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in its share of the general calamity, the people of Israel, probably drawn together during the suspension of all labor, caused by the former calamities, or assembled in Goshen to celebrate the new national festival already organized by a sort of discipline among the separate tribes; with all their flocks and herds, with sufficient provisions for an immediate supply, and with the booty they had extorted from their masters, stood prepared as one man for the signal of departure. During the night the permission, or rather entreaty, that they would instantly evacuate the country, arrived, yet no one stirred before the morning, perhaps apprehensive lest the slaughter should be attributed to them, or in religious fear of encountering the angel of destruction. The Egyptians became only anxious to accelerate their departure, and thus the Hebrew people set forth to seek a land of freedom, bearing with them the bones of their great ancestor Joseph."

Thus were the Jews organized, and fairly committed before the world as the chosen people, and submitted to that long train of change and discipline, by which they were fitted to be the vehicle for communicating the truth of God, to the nations of the modern civilized world.

Hence their long sojourn in the wilderness, their reception of the law from Sinai, their final

planting in Canaan, and the peculiar institutions, rites, and usages by which they were distinguished from all the world besides. The whole was intended to extinguish idolatry, and introduce both among Jews and Gentiles the reign of God.

It is on this ground we may justify the command to exterminate the Canaanites, inveterate and even bestial idolaters, indulging as they did in the grossest sensuality, and making their children pass through the fire to Moloch. It was absolutely necessary to the preservation among the Jews of any thing like purity of character, or spirituality of worship. Nothing, indeed, but a special divine injunction could legalize the proceding; but this given, it was found the strongest protest against idolatry, and the most effectual means of preserving the national virtue. Had it been fully carried out, the Jews would have remained in their own land, a beacon light to the surrounding nations. That many of the Canaanites were left in the country, and permitted to form alliances with Hebrew families, and finally, through the influence of Jeroboam and others, " who made Israel to sin," to introduce their pagan rites among the Jews, is a fact well known. It is also the only one which accounts for their final apostasy, from the fatal consequences of which they were saved only by foreign exile. Their long captivity under the kings of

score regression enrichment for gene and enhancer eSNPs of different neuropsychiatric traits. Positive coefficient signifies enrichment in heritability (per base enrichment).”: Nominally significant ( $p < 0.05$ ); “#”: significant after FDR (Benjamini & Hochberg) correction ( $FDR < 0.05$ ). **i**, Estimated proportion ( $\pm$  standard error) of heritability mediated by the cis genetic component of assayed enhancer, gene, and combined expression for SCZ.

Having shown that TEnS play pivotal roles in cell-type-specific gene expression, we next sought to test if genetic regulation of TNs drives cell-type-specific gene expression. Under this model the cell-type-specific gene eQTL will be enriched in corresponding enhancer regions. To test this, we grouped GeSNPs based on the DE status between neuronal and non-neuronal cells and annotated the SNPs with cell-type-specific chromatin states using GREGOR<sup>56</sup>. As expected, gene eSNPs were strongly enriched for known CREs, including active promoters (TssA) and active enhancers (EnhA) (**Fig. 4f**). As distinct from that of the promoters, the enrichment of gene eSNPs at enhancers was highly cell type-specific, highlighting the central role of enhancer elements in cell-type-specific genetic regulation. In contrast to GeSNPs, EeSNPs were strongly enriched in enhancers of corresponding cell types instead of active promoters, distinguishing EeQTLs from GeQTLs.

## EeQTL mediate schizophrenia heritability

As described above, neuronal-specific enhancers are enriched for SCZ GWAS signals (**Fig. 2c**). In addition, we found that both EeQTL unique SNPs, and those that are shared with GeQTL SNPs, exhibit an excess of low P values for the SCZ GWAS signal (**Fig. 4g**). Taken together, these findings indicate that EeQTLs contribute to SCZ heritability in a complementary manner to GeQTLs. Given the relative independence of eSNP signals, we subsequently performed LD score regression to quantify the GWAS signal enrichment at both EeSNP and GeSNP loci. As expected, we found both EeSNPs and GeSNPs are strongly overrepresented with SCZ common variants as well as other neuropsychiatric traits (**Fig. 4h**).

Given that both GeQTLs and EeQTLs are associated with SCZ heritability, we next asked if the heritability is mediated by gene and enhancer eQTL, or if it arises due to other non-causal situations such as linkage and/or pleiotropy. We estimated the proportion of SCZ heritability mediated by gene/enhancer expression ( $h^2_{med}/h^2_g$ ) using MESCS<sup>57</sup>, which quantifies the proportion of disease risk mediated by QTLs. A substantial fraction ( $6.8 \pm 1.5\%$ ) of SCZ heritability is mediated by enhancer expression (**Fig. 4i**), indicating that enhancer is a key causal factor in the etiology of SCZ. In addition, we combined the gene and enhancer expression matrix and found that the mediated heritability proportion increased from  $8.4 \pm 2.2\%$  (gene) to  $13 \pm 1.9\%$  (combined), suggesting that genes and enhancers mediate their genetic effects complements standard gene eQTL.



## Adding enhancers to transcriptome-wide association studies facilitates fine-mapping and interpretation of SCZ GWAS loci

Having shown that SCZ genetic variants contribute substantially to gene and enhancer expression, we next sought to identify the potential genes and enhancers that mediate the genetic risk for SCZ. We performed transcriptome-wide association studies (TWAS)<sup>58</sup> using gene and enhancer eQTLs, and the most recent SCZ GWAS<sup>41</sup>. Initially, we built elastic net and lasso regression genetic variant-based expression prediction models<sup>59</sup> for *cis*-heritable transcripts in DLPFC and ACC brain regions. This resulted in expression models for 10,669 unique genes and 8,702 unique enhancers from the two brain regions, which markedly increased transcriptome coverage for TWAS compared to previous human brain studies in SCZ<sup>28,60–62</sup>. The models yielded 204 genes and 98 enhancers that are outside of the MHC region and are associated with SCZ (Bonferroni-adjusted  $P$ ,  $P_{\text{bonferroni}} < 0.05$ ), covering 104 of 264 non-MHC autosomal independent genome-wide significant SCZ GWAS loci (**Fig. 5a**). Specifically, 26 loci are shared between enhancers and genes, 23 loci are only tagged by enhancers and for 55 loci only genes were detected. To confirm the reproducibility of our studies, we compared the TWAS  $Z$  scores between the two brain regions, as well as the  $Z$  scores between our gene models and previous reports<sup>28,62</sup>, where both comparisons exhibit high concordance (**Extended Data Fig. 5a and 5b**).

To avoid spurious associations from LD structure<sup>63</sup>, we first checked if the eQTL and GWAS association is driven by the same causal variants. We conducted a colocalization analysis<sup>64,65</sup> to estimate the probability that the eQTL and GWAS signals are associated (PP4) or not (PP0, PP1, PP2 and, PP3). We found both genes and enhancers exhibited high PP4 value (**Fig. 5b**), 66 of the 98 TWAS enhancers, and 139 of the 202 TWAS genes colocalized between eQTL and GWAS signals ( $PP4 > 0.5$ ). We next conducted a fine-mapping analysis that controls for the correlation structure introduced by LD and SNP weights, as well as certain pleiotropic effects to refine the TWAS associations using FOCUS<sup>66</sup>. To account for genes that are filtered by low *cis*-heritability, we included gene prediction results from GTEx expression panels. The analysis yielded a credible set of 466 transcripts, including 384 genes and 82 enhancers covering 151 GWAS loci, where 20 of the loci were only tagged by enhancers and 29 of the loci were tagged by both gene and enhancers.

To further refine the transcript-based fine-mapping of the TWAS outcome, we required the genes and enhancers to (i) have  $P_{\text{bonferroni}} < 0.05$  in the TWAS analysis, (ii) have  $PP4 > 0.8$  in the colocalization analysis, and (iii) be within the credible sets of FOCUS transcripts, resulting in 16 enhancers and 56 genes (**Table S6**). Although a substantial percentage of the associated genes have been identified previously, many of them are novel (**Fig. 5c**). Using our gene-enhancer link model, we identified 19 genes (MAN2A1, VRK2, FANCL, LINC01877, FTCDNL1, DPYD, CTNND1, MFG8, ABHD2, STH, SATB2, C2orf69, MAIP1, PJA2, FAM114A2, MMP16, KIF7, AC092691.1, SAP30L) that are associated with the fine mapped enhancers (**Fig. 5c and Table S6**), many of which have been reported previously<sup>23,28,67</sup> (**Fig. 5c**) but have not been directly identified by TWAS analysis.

Chaldea and Persia, brought out more distinctly the national character, and finally saved them froin idolatry.

Being separated at first, as was meet, from all the nations of the earth, by a severe, and what some have deemed a barbarous discipline, they were subsequently, by a series of the most singular dispersions, such as no other nation has ever experienced without extinction, scattered over the world in Assyria, Babylonia, Persia, Greece and Rome, in Egypt and in the parts about Libya and Cyrene." They were very numerous in Babylon, where they long remained, first through captivity, and then through choice, and in that and many of the adjacent countries, became the teachers of their conquerors. They had synagogues in all the principal cities of Asia Minor, in Persia, and even in India. Temple worship was performed in Alexandria, and thousands, both of Jews and Gentiles, in Egypt, read in their own vernacular, the translation of the Old Testament, called the Septuagint. Many Jews lived in Arabia, and so spread their Messianic hopes among the tribes of the wilderness, as well as among the more cultivated communities of the ancient world. Other nations passed away; but they remained, partly among the heathen, partly in their own land; their views

the same, their hopes the same. They had gained numerous proselytes in heathen lands about the time which preceded the advent of Christ. Hence the universal expectation of this event, cherished through the Oriental world. Hence, especially, the existence of this hope among the sages of Babylon, or Arabia, according to some, and its final realization by the Magi, who came to Jerusalem to worship the new-born King.


* See Appendix, Note C.




That the Hebrews, as "a peculiar people," possessed the character and performed the functions ascribed to them in the preceding chapter, can admit of no reasonable doubt; for the fact stands before us, account for it as we may, that ancient history, in its higher relations, revolved around them, and finally converged at Jerusalem in the cross of Christ.

The most inveterate sceptic, at all familiar with the annals of the past, must allow that one of the great purposes, served by this old Hebrew stock, was the preparation of the world for the Messiah, and his actual advent, in the fulness of the times, from the very bosom of the race that rejected him as their king. Strange that they should reject him, and yet give him to the world. Yet such is the actual fact. So that they and all other nations have been “as clay in the hands of the potter," for the production of this sublime result. Let the rationale of the thing be as it may in the view of speculative minds, the hand of God is visible in the whole history of the Jews,

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